Tumble at one-half speed through an area occupied by an enemy (over, under, or around the opponent) as part of normal movement, provoking no attacks of opportunity while doing so. Failure means you stop before entering the enemy-occupied area and provoke an attack of opportunity from that enemy. Check separately for each opponent. Each additional enemy after the first adds +2 to the Tumble DC. (Player’s Handbook 84)

Abe the Medium human rogue is 10 ft. from his opponent, Bob the Medium human fighter who wields a longsword. Abe takes a move action and uses 10 ft. of his speed 30 ft. to become adjacent to Bob. Then Abe makes a Tumble skill check as described above to move through Bob’s space, fails the Tumble skill check, provokes an attack of opportunity from Bob, and stops before he enters Bob’s space.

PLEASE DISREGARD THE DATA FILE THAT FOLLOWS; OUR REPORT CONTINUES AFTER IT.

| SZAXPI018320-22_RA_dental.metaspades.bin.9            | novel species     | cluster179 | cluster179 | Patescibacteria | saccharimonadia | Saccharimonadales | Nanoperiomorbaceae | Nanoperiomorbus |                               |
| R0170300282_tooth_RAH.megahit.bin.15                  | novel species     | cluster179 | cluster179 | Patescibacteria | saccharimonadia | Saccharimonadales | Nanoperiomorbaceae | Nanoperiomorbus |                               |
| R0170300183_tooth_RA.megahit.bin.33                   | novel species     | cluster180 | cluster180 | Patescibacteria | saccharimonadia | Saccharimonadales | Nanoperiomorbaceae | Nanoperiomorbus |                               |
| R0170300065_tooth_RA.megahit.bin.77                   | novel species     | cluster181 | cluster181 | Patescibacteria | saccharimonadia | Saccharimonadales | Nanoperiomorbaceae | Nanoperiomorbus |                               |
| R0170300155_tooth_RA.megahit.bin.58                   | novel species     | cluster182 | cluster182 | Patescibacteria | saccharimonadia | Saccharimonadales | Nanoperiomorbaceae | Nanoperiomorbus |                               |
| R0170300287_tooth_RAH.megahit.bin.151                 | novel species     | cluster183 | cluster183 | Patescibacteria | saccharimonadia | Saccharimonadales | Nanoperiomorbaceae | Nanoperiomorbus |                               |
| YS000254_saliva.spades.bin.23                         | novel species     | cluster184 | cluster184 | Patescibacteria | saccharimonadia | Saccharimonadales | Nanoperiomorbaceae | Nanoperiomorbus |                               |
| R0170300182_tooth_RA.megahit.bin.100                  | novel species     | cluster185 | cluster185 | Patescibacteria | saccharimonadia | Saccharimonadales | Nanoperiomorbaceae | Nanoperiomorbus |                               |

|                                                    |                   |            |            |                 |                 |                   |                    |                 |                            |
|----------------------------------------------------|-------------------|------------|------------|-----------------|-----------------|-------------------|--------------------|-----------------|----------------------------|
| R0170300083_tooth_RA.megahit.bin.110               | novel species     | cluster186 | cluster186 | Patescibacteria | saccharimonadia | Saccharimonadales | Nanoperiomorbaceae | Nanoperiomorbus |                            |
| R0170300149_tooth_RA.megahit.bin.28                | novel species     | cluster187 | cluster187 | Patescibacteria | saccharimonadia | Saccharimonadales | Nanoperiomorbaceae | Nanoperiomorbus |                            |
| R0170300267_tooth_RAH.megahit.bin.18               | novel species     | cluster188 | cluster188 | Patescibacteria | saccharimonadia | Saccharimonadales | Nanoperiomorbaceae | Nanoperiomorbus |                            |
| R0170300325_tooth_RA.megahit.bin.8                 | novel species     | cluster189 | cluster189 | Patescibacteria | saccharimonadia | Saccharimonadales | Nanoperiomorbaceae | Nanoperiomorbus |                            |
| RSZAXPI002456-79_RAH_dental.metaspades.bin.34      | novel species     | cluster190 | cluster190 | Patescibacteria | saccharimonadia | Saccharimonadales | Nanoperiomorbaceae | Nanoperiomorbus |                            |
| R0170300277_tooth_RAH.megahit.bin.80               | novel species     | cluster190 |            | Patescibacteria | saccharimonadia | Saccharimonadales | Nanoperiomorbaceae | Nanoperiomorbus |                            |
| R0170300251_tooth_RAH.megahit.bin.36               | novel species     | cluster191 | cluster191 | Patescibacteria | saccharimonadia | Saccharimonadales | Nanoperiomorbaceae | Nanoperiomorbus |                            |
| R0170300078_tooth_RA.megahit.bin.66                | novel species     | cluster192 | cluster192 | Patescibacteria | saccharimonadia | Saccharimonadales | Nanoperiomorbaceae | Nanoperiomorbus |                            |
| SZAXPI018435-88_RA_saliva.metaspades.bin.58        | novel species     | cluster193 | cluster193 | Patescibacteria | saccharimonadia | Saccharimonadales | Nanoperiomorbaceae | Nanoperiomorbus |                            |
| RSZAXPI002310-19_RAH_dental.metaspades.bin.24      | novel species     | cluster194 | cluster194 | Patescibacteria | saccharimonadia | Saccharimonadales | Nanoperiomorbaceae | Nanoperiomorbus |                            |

Does Abe’s failed attempt to enter Bob’s space flat-out end Abe’s move action? Or does Abe’s failed attempt to enter Bob’s space consume 10 ft. of Abe’s speed, and Abe can spend his remaining 10 ft. of speed as he wills? Or does Abe’s failed attempt consume none of Abe’s speed—as Abe didn’t actually enter Bob’s space after all—, and Abe can spend his remaining 20 ft. of speed as he wills? Or is there another outcome that I’ve not listed here?

Does the Voice of the Chain Master eldritch invocation let me cast a purely verbal spell through my familiar?

In D&D 5e, as a Pact of the Chain Warlock, I can choose an eldritch invocation that lets me speak in my own voice through my familiar called Voice of the Chain Master (PHB 111):